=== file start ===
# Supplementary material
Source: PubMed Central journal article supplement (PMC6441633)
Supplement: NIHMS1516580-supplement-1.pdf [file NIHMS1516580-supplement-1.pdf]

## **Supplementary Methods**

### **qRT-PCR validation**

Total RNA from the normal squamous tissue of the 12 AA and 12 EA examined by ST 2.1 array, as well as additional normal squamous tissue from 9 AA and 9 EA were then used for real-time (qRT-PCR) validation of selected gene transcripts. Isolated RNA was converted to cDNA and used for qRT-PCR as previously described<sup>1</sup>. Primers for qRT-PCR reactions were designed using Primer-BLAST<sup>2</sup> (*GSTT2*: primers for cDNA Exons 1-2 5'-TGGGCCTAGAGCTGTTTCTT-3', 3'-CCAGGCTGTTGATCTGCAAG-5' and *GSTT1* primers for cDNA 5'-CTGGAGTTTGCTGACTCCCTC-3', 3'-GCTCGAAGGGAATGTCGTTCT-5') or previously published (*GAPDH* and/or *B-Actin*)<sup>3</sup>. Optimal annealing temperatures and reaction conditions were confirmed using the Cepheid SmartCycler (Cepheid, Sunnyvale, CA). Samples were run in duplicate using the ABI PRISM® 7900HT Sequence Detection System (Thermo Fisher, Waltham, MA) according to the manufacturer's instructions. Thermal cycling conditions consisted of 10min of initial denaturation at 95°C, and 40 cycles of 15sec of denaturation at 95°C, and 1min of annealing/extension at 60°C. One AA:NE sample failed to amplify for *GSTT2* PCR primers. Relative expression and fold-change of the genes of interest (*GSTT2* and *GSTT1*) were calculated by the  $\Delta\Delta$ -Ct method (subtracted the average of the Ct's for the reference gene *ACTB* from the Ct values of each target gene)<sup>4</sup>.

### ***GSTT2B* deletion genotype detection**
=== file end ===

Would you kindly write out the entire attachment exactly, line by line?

# Supplementary material
Source: PubMed Central journal article supplement (PMC6441633)
Supplement: NIHMS1516580-supplement-1.pdf [file NIHMS1516580-supplement-1.pdf]

## **Supplementary Methods**

### **qRT-PCR validation**

Total RNA from the normal squamous tissue of the 12 AA and 12 EA examined by ST 2.1 array, as well as additional normal squamous tissue from 9 AA and 9 EA were then used for real-time (qRT-PCR) validation of selected gene transcripts. Isolated RNA was converted to cDNA and used for qRT-PCR as previously described<sup>1</sup>. Primers for qRT-PCR reactions were designed using Primer-BLAST<sup>2</sup> (*GSTT2*: primers for cDNA Exons 1-2 5'-TGGGCCTAGAGCTGTTTCTT-3', 3'-CCAGGCTGTTGATCTGCAAG-5' and *GSTT1* primers for cDNA 5'-CTGGAGTTTGCTGACTCCCTC-3', 3'-GCTCGAAGGGAATGTCGTTCT-5') or previously published (*GAPDH* and/or *B-Actin*)<sup>3</sup>. Optimal annealing temperatures and reaction conditions were confirmed using the Cepheid SmartCycler (Cepheid, Sunnyvale, CA). Samples were run in duplicate using the ABI PRISM® 7900HT Sequence Detection System (Thermo Fisher, Waltham, MA) according to the manufacturer's instructions. Thermal cycling conditions consisted of 10min of initial denaturation at 95°C, and 40 cycles of 15sec of denaturation at 95°C, and 1min of annealing/extension at 60°C. One AA:NE sample failed to amplify for *GSTT2* PCR primers. Relative expression and fold-change of the genes of interest (*GSTT2* and *GSTT1*) were calculated by the  $\Delta\Delta$ -Ct method (subtracted the average of the Ct's for the reference gene *ACTB* from the Ct values of each target gene)<sup>4</sup>.

### ***GSTT2B* deletion genotype detection**